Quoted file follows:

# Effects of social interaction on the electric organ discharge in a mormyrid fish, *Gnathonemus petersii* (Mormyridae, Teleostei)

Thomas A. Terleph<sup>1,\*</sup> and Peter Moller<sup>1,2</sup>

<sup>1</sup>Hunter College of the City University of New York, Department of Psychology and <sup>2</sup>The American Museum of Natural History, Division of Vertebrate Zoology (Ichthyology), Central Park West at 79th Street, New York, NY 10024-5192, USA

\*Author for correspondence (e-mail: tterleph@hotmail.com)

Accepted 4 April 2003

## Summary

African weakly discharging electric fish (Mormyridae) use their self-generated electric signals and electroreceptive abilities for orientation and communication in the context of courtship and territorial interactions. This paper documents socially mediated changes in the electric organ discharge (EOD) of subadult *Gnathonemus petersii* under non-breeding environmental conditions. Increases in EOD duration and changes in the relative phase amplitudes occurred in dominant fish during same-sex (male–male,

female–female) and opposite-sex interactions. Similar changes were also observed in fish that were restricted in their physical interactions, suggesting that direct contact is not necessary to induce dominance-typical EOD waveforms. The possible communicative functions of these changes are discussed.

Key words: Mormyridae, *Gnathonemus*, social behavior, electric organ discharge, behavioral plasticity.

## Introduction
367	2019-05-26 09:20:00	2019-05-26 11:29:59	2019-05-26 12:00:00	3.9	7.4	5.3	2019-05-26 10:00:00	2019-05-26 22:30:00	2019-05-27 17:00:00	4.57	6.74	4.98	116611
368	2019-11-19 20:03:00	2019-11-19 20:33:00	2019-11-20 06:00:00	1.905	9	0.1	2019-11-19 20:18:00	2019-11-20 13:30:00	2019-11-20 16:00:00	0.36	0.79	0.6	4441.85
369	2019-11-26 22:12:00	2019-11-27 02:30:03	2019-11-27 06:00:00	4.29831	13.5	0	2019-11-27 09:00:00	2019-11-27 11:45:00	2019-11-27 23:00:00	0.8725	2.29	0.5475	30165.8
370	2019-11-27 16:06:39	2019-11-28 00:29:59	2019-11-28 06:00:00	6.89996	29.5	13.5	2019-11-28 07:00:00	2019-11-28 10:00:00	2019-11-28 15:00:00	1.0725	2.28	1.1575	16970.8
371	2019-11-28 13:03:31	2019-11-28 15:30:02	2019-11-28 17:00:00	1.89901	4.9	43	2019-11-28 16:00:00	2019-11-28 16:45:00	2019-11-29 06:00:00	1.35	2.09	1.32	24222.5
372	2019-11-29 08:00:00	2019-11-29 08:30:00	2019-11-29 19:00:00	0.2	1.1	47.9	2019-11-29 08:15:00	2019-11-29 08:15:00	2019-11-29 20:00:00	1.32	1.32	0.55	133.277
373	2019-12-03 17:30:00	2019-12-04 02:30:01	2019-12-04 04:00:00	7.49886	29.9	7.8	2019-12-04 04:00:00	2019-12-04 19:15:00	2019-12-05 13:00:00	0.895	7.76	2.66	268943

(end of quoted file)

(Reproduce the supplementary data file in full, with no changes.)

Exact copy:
# Effects of social interaction on the electric organ discharge in a mormyrid fish, *Gnathonemus petersii* (Mormyridae, Teleostei)

Thomas A. Terleph<sup>1,\*</sup> and Peter Moller<sup>1,2</sup>

<sup>1</sup>Hunter College of the City University of New York, Department of Psychology and <sup>2</sup>The American Museum of Natural History, Division of Vertebrate Zoology (Ichthyology), Central Park West at 79th Street, New York, NY 10024-5192, USA

\*Author for correspondence (e-mail: tterleph@hotmail.com)

Accepted 4 April 2003

## Summary

African weakly discharging electric fish (Mormyridae) use their self-generated electric signals and electroreceptive abilities for orientation and communication in the context of courtship and territorial interactions. This paper documents socially mediated changes in the electric organ discharge (EOD) of subadult *Gnathonemus petersii* under non-breeding environmental conditions. Increases in EOD duration and changes in the relative phase amplitudes occurred in dominant fish during same-sex (male–male,

female–female) and opposite-sex interactions. Similar changes were also observed in fish that were restricted in their physical interactions, suggesting that direct contact is not necessary to induce dominance-typical EOD waveforms. The possible communicative functions of these changes are discussed.

Key words: Mormyridae, *Gnathonemus*, social behavior, electric organ discharge, behavioral plasticity.

## Introduction
367	2019-05-26 09:20:00	2019-05-26 11:29:59	2019-05-26 12:00:00	3.9	7.4	5.3	2019-05-26 10:00:00	2019-05-26 22:30:00	2019-05-27 17:00:00	4.57	6.74	4.98	116611
368	2019-11-19 20:03:00	2019-11-19 20:33:00	2019-11-20 06:00:00	1.905	9	0.1	2019-11-19 20:18:00	2019-11-20 13:30:00	2019-11-20 16:00:00	0.36	0.79	0.6	4441.85
369	2019-11-26 22:12:00	2019-11-27 02:30:03	2019-11-27 06:00:00	4.29831	13.5	0	2019-11-27 09:00:00	2019-11-27 11:45:00	2019-11-27 23:00:00	0.8725	2.29	0.5475	30165.8
370	2019-11-27 16:06:39	2019-11-28 00:29:59	2019-11-28 06:00:00	6.89996	29.5	13.5	2019-11-28 07:00:00	2019-11-28 10:00:00	2019-11-28 15:00:00	1.0725	2.28	1.1575	16970.8
371	2019-11-28 13:03:31	2019-11-28 15:30:02	2019-11-28 17:00:00	1.89901	4.9	43	2019-11-28 16:00:00	2019-11-28 16:45:00	2019-11-29 06:00:00	1.35	2.09	1.32	24222.5
372	2019-11-29 08:00:00	2019-11-29 08:30:00	2019-11-29 19:00:00	0.2	1.1	47.9	2019-11-29 08:15:00	2019-11-29 08:15:00	2019-11-29 20:00:00	1.32	1.32	0.55	133.277
373	2019-12-03 17:30:00	2019-12-04 02:30:01	2019-12-04 04:00:00	7.49886	29.9	7.8	2019-12-04 04:00:00	2019-12-04 19:15:00	2019-12-05 13:00:00	0.895	7.76	2.66	268943